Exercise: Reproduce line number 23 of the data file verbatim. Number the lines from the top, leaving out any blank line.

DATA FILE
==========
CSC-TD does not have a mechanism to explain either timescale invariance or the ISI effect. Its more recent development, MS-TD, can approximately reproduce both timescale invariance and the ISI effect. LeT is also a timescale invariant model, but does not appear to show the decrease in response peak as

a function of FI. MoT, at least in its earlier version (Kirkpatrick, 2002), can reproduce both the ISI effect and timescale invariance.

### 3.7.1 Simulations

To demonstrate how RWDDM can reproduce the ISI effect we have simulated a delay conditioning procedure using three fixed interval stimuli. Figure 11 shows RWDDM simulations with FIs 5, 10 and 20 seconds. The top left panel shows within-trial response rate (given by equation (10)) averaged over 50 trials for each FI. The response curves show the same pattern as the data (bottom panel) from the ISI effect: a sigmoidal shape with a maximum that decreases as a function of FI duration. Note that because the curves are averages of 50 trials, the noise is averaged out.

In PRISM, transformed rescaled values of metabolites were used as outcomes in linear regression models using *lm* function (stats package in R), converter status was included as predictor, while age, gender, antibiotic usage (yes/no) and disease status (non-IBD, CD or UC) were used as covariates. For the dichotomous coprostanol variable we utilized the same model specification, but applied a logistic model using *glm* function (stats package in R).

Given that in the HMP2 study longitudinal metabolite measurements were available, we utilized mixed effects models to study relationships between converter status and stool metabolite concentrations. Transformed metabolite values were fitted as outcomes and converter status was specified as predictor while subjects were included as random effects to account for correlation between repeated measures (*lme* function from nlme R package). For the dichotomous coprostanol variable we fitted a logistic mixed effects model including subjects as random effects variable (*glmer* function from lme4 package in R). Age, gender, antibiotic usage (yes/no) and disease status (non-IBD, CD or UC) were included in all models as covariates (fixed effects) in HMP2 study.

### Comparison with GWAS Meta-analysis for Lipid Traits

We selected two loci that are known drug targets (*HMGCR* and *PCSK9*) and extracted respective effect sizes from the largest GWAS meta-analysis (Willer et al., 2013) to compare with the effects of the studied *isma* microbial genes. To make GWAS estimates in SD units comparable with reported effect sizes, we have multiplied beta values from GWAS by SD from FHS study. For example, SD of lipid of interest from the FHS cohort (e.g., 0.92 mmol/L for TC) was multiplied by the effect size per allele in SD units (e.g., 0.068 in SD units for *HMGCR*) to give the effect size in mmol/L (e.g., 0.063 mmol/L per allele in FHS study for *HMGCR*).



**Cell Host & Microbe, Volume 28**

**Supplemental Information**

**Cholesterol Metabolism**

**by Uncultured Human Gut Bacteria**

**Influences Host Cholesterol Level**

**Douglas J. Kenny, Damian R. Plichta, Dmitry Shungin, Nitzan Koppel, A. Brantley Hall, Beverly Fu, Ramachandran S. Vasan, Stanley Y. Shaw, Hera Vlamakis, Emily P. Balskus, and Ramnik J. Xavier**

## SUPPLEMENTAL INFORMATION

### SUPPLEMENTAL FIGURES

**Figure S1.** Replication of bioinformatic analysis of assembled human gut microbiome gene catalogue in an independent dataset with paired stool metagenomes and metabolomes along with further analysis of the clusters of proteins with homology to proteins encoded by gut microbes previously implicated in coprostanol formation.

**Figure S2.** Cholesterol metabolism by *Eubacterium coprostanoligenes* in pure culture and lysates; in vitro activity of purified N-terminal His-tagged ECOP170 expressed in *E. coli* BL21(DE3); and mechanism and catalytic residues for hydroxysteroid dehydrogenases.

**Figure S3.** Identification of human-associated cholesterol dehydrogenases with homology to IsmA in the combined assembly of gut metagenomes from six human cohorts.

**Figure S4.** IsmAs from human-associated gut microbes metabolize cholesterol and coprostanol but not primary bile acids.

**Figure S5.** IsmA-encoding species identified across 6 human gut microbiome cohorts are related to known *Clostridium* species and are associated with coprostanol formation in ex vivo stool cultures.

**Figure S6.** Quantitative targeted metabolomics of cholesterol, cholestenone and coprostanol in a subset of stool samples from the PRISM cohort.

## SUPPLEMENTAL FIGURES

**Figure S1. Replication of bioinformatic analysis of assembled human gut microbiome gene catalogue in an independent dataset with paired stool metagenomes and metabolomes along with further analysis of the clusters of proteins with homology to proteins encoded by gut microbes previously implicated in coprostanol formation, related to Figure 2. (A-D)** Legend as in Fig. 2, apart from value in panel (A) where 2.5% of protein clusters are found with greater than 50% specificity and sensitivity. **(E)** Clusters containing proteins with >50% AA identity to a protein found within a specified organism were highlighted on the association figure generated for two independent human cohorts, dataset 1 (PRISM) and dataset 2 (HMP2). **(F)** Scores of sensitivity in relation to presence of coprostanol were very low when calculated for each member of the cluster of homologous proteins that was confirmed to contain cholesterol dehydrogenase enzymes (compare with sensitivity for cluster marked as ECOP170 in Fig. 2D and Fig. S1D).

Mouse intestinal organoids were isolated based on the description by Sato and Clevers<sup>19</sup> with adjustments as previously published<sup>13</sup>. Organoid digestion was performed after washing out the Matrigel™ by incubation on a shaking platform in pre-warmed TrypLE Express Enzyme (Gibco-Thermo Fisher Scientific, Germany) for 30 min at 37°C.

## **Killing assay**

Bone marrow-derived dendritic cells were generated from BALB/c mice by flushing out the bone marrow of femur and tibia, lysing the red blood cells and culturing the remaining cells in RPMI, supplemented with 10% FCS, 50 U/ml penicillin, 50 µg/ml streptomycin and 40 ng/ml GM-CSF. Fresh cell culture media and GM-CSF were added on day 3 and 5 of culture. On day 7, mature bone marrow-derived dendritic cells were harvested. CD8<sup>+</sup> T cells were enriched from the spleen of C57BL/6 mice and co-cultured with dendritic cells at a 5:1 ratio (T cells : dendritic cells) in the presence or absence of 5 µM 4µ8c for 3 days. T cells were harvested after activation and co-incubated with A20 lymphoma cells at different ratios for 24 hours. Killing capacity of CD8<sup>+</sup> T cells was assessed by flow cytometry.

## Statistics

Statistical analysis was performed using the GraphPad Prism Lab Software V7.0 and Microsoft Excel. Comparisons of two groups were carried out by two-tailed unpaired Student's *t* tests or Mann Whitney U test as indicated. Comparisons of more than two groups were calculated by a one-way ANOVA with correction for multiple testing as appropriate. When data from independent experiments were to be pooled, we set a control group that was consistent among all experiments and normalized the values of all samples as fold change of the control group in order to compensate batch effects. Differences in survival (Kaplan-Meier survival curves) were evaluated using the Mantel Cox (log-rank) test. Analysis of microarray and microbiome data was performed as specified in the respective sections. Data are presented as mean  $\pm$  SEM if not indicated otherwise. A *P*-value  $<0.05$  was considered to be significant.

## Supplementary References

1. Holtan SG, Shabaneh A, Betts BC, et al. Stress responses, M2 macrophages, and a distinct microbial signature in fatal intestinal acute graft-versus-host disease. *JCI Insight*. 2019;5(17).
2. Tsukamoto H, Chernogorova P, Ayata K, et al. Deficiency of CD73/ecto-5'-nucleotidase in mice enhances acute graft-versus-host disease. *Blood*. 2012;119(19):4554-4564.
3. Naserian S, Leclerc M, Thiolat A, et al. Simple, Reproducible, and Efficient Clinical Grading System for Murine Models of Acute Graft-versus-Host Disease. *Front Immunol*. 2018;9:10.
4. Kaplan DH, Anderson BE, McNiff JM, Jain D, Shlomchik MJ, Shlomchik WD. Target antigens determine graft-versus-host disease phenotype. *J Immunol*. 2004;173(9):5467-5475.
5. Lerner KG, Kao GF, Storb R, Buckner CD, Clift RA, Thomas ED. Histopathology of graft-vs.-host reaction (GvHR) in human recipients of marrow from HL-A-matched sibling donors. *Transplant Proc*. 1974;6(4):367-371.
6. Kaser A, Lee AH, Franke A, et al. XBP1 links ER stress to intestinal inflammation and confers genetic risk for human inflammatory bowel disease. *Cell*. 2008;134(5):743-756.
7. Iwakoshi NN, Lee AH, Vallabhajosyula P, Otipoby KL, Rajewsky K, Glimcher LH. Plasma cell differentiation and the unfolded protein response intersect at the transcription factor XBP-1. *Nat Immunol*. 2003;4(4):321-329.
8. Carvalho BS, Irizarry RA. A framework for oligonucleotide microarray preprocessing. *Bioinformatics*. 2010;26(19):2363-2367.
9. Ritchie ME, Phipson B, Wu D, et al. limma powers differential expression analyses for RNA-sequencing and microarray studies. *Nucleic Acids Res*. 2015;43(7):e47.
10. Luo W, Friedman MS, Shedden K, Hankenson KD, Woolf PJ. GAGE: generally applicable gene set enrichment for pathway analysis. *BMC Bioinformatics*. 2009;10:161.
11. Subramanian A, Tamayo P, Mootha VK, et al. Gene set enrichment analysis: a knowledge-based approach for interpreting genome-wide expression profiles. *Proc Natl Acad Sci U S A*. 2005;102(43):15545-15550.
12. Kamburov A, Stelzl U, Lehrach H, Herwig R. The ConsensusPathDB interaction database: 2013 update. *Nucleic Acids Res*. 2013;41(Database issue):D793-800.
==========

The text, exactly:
## SUPPLEMENTAL FIGURES